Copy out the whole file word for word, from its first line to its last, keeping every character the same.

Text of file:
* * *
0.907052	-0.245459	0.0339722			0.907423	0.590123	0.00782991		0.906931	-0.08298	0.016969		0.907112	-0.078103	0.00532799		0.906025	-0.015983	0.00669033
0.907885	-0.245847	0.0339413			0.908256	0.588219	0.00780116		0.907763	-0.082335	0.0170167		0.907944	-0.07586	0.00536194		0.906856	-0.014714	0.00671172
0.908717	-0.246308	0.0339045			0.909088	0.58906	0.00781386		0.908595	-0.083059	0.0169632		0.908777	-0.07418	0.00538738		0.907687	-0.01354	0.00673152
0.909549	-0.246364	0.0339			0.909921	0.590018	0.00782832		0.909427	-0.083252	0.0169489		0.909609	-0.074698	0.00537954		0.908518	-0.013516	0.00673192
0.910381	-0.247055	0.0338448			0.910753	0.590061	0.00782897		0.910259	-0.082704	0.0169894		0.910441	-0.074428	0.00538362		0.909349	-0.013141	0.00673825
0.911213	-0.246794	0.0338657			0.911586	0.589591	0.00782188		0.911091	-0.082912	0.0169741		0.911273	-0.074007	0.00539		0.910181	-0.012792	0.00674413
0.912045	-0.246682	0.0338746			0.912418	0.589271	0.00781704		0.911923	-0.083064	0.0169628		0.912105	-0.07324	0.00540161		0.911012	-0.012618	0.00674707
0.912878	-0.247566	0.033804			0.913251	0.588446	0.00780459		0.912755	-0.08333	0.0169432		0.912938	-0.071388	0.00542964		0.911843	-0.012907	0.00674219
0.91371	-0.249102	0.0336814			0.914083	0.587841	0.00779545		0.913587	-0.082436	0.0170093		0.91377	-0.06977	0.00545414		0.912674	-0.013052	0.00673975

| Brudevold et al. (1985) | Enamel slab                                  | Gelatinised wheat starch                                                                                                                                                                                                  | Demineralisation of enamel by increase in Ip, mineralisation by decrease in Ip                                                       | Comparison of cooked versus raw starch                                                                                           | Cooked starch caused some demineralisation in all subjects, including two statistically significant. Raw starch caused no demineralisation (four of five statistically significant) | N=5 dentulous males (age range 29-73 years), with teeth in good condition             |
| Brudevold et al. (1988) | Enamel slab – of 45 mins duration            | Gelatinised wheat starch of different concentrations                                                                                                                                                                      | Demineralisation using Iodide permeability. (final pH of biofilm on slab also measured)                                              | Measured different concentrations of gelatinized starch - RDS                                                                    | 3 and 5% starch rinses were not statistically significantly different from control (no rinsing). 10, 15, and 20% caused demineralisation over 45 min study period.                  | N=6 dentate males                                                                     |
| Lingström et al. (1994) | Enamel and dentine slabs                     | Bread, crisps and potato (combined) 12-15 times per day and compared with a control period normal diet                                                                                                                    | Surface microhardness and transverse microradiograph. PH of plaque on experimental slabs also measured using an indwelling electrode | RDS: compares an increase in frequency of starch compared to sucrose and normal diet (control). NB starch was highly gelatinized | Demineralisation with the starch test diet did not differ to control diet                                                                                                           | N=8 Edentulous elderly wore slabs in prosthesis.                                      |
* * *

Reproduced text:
0.907052	-0.245459	0.0339722			0.907423	0.590123	0.00782991		0.906931	-0.08298	0.016969		0.907112	-0.078103	0.00532799		0.906025	-0.015983	0.00669033
0.907885	-0.245847	0.0339413			0.908256	0.588219	0.00780116		0.907763	-0.082335	0.0170167		0.907944	-0.07586	0.00536194		0.906856	-0.014714	0.00671172
0.908717	-0.246308	0.0339045			0.909088	0.58906	0.00781386		0.908595	-0.083059	0.0169632		0.908777	-0.07418	0.00538738		0.907687	-0.01354	0.00673152
0.909549	-0.246364	0.0339			0.909921	0.590018	0.00782832		0.909427	-0.083252	0.0169489		0.909609	-0.074698	0.00537954		0.908518	-0.013516	0.00673192
0.910381	-0.247055	0.0338448			0.910753	0.590061	0.00782897		0.910259	-0.082704	0.0169894		0.910441	-0.074428	0.00538362		0.909349	-0.013141	0.00673825
0.911213	-0.246794	0.0338657			0.911586	0.589591	0.00782188		0.911091	-0.082912	0.0169741		0.911273	-0.074007	0.00539		0.910181	-0.012792	0.00674413
0.912045	-0.246682	0.0338746			0.912418	0.589271	0.00781704		0.911923	-0.083064	0.0169628		0.912105	-0.07324	0.00540161		0.911012	-0.012618	0.00674707
0.912878	-0.247566	0.033804			0.913251	0.588446	0.00780459		0.912755	-0.08333	0.0169432		0.912938	-0.071388	0.00542964		0.911843	-0.012907	0.00674219
0.91371	-0.249102	0.0336814			0.914083	0.587841	0.00779545		0.913587	-0.082436	0.0170093		0.91377	-0.06977	0.00545414		0.912674	-0.013052	0.00673975

| Brudevold et al. (1985) | Enamel slab                                  | Gelatinised wheat starch                                                                                                                                                                                                  | Demineralisation of enamel by increase in Ip, mineralisation by decrease in Ip                                                       | Comparison of cooked versus raw starch                                                                                           | Cooked starch caused some demineralisation in all subjects, including two statistically significant. Raw starch caused no demineralisation (four of five statistically significant) | N=5 dentulous males (age range 29-73 years), with teeth in good condition             |
| Brudevold et al. (1988) | Enamel slab – of 45 mins duration            | Gelatinised wheat starch of different concentrations                                                                                                                                                                      | Demineralisation using Iodide permeability. (final pH of biofilm on slab also measured)                                              | Measured different concentrations of gelatinized starch - RDS                                                                    | 3 and 5% starch rinses were not statistically significantly different from control (no rinsing). 10, 15, and 20% caused demineralisation over 45 min study period.                  | N=6 dentate males                                                                     |
| Lingström et al. (1994) | Enamel and dentine slabs                     | Bread, crisps and potato (combined) 12-15 times per day and compared with a control period normal diet                                                                                                                    | Surface microhardness and transverse microradiograph. PH of plaque on experimental slabs also measured using an indwelling electrode | RDS: compares an increase in frequency of starch compared to sucrose and normal diet (control). NB starch was highly gelatinized | Demineralisation with the starch test diet did not differ to control diet                                                                                                           | N=8 Edentulous elderly wore slabs in prosthesis.                                      |